- How would a humanistic therapist treat depression?
- What is a simple definition of humanism?
- How is humanism used today?
- How is the humanistic approach used today?
- What does the humanistic approach focus on?
- What are the components of humanistic therapy?
- Is Carl Jung humanistic?
- What are the weaknesses of the humanistic approach?
- What are the basic themes of humanistic therapy?
- What is a humanistic therapist?
- What is the main treatment goal of humanistic therapy?
- What are the key beliefs of humanism?
How would a humanistic therapist treat depression?
Humanistic approaches A depressed person can be helped if the core conditions of empathy, unconditional positive regard and congruence are in place.
If a depressed person experiences these conditions, healing can begin to take place..
What is a simple definition of humanism?
The definition of humanism is a belief that human needs and values are more important than religious beliefs, or the needs and desires of humans. An example of humanism is the belief that the person creates their own set of ethics. An example of humanism is planting vegetables in garden beds. noun.
How is humanism used today?
In modern times, humanist movements are typically non-religious movements aligned with secularism, and today humanism may refer to a nontheistic life stance centred on human agency and looking to science rather than revelation from a supernatural source to understand the world.
How is the humanistic approach used today?
Humanistic therapy is used to treat depression, anxiety, panic disorders, personality disorders, schizophrenia, addiction, and relationship issues, including family relationships.
What does the humanistic approach focus on?
The humanistic approach emphasizes the personal worth of the individual, the centrality of human values, and the creative, active nature of human beings. The approach is optimistic and focuses on the noble human capacity to overcome hardship, pain and despair.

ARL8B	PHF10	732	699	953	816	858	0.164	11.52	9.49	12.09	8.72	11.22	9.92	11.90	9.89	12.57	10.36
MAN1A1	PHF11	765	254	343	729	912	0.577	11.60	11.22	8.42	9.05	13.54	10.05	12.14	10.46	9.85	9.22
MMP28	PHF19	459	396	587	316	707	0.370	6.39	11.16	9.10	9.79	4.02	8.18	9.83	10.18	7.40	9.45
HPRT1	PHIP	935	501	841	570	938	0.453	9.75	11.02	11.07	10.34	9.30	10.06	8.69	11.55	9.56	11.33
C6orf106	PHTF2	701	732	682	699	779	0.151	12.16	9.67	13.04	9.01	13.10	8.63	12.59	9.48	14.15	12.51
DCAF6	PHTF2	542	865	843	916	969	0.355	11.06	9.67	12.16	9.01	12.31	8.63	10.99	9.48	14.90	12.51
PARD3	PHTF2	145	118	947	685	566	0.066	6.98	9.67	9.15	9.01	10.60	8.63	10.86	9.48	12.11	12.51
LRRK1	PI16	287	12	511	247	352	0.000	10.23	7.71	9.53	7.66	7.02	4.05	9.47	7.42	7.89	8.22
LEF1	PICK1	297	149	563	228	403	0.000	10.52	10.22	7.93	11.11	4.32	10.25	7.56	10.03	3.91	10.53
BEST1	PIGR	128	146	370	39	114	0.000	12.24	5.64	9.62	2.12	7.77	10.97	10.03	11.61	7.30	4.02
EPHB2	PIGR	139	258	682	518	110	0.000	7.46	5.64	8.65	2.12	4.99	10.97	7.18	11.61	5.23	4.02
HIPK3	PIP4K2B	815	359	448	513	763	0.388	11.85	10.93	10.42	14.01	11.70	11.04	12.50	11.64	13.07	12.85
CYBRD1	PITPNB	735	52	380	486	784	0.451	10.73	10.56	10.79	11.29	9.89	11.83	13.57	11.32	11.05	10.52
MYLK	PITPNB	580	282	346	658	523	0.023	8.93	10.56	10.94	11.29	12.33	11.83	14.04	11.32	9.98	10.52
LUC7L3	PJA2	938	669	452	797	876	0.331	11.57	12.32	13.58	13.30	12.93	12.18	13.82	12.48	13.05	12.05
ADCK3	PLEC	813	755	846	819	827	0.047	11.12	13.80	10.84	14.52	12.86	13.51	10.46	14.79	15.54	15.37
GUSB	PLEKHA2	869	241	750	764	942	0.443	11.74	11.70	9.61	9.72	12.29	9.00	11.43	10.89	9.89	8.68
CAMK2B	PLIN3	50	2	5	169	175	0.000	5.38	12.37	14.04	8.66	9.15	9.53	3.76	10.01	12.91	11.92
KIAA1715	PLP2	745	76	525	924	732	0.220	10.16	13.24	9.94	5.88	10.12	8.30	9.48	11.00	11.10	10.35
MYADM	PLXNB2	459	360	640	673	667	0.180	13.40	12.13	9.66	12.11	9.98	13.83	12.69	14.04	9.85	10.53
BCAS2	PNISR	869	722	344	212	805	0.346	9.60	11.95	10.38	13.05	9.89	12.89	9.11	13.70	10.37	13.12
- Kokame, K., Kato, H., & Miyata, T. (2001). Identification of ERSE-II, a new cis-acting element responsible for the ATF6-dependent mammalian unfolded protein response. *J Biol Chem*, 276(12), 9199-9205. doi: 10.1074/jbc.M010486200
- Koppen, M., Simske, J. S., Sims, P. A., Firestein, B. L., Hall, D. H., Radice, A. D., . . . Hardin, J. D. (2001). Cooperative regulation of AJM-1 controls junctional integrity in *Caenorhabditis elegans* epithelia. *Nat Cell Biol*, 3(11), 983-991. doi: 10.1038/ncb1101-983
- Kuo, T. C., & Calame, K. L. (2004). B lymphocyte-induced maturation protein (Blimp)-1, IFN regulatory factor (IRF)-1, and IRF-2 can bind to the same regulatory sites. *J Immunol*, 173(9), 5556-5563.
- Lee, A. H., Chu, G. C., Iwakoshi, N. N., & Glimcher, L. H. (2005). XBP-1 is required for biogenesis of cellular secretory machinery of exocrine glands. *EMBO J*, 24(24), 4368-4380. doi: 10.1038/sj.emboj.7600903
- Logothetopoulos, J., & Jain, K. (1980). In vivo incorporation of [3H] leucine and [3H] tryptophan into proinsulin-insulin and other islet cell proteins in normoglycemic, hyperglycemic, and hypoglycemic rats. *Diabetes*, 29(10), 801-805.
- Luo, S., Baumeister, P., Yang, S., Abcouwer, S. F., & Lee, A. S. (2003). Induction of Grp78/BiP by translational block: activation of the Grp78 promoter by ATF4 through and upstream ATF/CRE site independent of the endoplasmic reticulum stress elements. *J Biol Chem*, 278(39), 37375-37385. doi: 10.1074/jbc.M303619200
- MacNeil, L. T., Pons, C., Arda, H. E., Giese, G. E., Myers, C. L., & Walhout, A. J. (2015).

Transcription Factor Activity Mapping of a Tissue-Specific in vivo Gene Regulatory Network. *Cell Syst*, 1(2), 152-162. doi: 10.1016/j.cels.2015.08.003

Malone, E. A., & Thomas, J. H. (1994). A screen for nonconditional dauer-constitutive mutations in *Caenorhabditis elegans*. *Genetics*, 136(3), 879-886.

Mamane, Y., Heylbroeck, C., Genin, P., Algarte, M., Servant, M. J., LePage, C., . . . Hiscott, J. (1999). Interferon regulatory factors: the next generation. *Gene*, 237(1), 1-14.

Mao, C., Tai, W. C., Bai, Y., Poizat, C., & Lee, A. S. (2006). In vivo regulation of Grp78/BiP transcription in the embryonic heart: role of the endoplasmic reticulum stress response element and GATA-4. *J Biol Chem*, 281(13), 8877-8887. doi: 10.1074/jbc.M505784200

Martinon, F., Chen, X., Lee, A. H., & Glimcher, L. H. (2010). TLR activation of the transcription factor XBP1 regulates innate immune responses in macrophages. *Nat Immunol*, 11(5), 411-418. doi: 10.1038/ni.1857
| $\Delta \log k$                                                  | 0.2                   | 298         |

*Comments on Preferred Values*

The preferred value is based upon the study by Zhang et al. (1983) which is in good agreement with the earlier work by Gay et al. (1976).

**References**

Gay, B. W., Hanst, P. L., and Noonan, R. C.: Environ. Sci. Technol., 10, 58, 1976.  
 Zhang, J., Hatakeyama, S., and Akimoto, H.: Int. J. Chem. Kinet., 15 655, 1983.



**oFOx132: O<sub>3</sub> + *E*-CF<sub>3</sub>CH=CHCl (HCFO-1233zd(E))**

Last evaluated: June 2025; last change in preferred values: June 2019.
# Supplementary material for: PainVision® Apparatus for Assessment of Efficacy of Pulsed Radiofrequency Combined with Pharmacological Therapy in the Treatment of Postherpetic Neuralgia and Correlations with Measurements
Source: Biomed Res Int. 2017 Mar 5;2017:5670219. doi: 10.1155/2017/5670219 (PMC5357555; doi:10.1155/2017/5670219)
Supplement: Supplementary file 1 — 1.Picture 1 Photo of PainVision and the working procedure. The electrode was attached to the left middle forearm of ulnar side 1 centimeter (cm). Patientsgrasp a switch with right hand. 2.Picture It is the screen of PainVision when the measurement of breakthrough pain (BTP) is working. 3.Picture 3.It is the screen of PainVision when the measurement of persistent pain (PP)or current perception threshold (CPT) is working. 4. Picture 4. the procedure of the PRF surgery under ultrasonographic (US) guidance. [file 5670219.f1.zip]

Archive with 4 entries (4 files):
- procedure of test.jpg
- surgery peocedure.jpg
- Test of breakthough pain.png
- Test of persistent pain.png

What are the components of humanistic therapy?
Personal responsibility, freedom of choice, and self-mastery are the essential components of humanistic therapies. In order for humanistic therapies to be meaningful and effective, the client needs to experience a genuine, non-judgmental, and empathic bond with the therapist or counsellor.
Is Carl Jung humanistic?
Pioneers of Humanistic Psychology. Carl Jung is possibly one of the most important figures in psychology, and yet he remains controversial. For many psychologists he is little more than a historical curiosity. … He made radical and significant contributions to all four of the major areas of psychology.
What are the weaknesses of the humanistic approach?
DisadvantagesIt is too positive when regarding human behaviour- this means that it assumes individuals are instrinsically good and will choose positive paths for their lives- however free will and choice is limited for some individuals.There is too much emphasis on subjective experience- Hard to study.More items…•
What are the basic themes of humanistic therapy?
Humanistic therapy focuses on clients’ conscious feelings and on their taking responsibility for their own growth. Client-centered therapists use active listening to express genuineness, accep- tance, and empathy. Behavior therapists emphasize the direct modification of problem behaviors.
What is a humanistic therapist?
Humanistic therapy is a type of mental health treatment that centers around your unique experience and perspective. Humanistic therapists offer empathy, genuine concern for you and your experience, and unconditional positive regard.
What is the main treatment goal of humanistic therapy?
Humanistic psychology focuses on helping people achieve their potential. So it makes sense that the goal of humanistic therapy is to help people become more self-aware and accepting of themselves. In contrast to psychoanalysis, humanistic therapists focus on conscious rather than unconscious thoughts.
What are the key beliefs of humanism?
Humanists believe that human experience and rational thinking provide the only source of both knowledge and a moral code to live by. They reject the idea of knowledge ‘revealed’ to human beings by gods, or in special books.